In South Texas I saw three interesting things. The first was a tiny girl, maybe ten years old, driving in a 1965 Cadillac. She wasn't going very fast, because I passed her, but still she was cruising right along, with her head tilted back and her mouth open and her little hands gripping the wheel. Then I saw an old man walking up the median strip pulling a wooden cross behind him. It was mounted on something like a golf cart with two spoked wheels. I slowed down to read the hand-lettered sign on his chest. JACKSONVILLE FLA OR BUST I had never been to Jacksonville but I knew it was the home of the Gator Bowl and I had heard it was a boom town, taking in an entire county or some such thing. It seemed an odd destination for a religious pilgrim. Penance maybe for some terrible sin, or some bargain he had worked out with God, or maybe just a crazed hiker. I waved and called out to him, wishing him luck, but he was intent on his marching and had no time for idle greetings. His step was brisk and I was convinced he wouldn't bust. The third interesting thing was a convoy of stake-bed trucks all piled high with loose watermelons and cantaloupes. I was amazed. I couldn't believe that the bottom ones weren't crushed under all that weight, exploding and spraying hazardous melon juice onto the highway. One of nature's tricks with curved surfaces. Topology! I had never made it that far in mathematics and engineering studies, and I knew now that I never would, just as I knew that I would never be a navy pilot or a Treasury agent. I made a B in Statics but I was failing in Dynamics when I withdrew from the field. The course I liked best was one called Strength of Materials. Everybody else hated it because of all the tables we had to memorize but I loved it, the sheared beam. I had once tried to explain to Dupree how things fell apart from being pulled and compressed and twisted and bent and sheared but he wouldn't listen. Whenever that kind of thing came up, he would always say - boast, the way those people do - that he had no head for figures and couldn't do things with his hands, slyly suggesting the presence of finer qualities.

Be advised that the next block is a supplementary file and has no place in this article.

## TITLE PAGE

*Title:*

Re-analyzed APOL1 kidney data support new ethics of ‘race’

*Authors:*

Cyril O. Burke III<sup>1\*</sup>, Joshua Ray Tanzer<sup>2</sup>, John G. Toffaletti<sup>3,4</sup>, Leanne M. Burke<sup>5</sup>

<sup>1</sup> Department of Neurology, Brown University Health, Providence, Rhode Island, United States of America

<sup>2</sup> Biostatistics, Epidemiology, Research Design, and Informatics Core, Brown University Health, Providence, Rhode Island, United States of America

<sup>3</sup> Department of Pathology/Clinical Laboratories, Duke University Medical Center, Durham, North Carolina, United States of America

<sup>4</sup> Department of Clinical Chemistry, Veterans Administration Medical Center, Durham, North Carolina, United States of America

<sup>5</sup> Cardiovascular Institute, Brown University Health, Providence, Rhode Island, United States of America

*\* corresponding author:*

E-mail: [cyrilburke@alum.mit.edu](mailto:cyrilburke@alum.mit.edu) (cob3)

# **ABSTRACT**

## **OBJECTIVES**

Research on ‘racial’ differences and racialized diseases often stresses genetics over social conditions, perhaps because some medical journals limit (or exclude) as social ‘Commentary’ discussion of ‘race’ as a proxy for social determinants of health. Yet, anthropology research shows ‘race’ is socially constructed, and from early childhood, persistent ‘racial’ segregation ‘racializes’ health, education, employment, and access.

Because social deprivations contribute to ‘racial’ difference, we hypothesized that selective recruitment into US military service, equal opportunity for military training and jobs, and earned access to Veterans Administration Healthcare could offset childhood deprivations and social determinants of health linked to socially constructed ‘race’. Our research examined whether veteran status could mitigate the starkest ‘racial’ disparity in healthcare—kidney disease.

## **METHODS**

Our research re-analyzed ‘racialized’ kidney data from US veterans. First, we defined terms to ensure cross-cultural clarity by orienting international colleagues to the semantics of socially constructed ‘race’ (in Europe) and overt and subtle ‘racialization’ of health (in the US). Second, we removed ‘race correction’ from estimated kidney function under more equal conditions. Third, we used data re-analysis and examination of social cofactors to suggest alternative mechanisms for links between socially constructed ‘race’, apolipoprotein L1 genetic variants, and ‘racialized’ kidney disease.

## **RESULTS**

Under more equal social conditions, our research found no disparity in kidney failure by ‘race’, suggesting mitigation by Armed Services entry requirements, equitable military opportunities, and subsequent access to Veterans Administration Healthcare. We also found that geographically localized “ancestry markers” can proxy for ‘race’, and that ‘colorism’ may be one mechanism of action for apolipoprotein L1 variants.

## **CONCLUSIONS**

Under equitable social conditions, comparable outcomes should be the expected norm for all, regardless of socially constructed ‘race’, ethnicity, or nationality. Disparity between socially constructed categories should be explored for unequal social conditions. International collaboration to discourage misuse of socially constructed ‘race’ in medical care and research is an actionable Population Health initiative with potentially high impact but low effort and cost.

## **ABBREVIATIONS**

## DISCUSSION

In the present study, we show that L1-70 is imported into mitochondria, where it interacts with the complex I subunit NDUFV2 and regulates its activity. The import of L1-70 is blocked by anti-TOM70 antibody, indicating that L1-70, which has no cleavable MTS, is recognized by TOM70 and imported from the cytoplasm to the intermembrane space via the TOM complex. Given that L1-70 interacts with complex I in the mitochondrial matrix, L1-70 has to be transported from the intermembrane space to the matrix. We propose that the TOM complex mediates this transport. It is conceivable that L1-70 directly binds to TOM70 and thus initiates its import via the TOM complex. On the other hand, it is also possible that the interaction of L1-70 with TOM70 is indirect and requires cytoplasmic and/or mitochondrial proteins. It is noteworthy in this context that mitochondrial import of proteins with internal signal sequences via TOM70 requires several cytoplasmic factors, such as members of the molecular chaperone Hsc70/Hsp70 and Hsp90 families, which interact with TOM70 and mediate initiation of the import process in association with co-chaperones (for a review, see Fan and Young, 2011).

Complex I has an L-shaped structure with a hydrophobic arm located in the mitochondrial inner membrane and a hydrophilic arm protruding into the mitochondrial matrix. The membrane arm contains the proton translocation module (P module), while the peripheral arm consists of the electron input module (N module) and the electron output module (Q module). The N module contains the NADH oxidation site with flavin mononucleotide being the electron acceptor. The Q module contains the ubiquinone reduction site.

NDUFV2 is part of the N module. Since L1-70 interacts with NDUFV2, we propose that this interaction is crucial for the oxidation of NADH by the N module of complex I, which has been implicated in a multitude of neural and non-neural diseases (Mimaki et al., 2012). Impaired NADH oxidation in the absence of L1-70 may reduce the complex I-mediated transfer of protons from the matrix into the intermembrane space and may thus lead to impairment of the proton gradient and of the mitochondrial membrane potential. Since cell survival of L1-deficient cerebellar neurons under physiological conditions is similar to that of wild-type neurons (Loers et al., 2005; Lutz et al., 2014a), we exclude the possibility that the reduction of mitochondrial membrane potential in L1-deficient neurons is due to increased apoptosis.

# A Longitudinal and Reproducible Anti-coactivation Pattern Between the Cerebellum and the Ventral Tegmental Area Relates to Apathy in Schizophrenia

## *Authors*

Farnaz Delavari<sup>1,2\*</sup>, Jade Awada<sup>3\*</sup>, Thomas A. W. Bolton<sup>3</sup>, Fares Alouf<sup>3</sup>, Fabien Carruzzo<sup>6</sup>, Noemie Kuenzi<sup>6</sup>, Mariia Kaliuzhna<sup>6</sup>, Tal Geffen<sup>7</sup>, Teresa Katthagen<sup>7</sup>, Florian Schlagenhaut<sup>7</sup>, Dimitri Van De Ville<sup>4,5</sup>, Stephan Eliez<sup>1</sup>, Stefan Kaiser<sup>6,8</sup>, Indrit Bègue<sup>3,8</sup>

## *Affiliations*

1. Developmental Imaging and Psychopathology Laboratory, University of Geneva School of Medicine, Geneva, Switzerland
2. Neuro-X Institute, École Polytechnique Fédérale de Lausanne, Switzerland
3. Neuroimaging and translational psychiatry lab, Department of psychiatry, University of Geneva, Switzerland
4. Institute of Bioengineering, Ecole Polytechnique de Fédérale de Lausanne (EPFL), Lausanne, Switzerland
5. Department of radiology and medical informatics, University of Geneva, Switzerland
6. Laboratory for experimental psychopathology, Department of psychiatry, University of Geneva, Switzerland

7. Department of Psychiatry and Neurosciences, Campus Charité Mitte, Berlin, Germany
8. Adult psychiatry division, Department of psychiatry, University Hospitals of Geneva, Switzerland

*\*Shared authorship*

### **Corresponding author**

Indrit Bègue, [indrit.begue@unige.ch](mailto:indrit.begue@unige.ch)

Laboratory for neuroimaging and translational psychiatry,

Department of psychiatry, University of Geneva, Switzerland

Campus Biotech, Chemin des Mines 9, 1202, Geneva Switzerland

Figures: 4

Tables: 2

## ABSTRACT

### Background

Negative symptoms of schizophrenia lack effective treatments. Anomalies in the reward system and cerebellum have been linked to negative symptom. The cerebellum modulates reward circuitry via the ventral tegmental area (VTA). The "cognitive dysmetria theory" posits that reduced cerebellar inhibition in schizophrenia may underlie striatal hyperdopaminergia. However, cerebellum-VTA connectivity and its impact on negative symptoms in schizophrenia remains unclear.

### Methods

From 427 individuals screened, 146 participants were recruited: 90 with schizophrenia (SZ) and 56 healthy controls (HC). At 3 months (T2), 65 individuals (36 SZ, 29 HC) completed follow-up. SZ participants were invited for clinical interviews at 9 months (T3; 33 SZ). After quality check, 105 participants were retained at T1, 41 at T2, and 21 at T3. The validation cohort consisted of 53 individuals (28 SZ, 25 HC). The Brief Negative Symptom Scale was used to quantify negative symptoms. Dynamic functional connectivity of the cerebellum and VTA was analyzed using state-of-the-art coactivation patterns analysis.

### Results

Charles Portis (The Dog of the South)
All of this is typical girl-fear. Once you realize that The Exorcist is, essentially, the story of a 12-year-old who starts cussing, masturbating, and disobeying her mother—in other words, going through puberty—it becomes apparent to the feminist-minded viewer why two adult men are called in to slap her around for much of the third act. People are convinced that something spooky is going on with girls; that, once they reach a certain age, they lose their adorable innocence and start tapping into something powerful and forbidden. Little girls are sugar and spice, but women are just plain scary. And the moment a girl becomes a woman is the moment you fear her most. Which explains why the culture keeps telling this story.
Sady Doyle
This garden was peaceful and calm. Pink cherry blossoms and violet plum blossoms graced the sweeping trees. The petals fell like snowflakes, dancing and swirling until they touched the soft, verdant grass. There was something familiar about this place. Her eyes traveled down the flat stone steps. She knew this path, knew those stones. The third one from the bottom had a crack in the middle- from when she was five and the neighbor's boy convinced her there were worms on the other side of the stones. She'd hammered the stone in half, eager to catch a few worms to play with. There weren't any, of course, but her mother had helped her find some dragonflies by the pond instead, and they'd spent an afternoon counting them in the garden. Mulan smiled wistfully at the memory. This can't be the same garden. I'm in Diyu. Yet no painter could have re-created what she saw more convincingly. Every detail was as she remembered. At the bottom of the stone-cobbled path was a pond with rose-flushed lilies, and a marble bench under the cherry tree. She used to play by the pond when she was a little girl, catching frogs and fireflies in wine jugs and feeding the fish leftover rice husks and sesame seeds until her mother scolded her. And beyond the moon gate was- Mulan's hand jumped to her mouth. Home. That smell of home- of Baba's incense from the family temple, sharp with amber and cedar; of noodles in Grandmother Fa's special pork broth; of jasmine flowers that Mama used to scent her skin.
Elizabeth Lim (Reflection (A Twisted Tale: Mulan))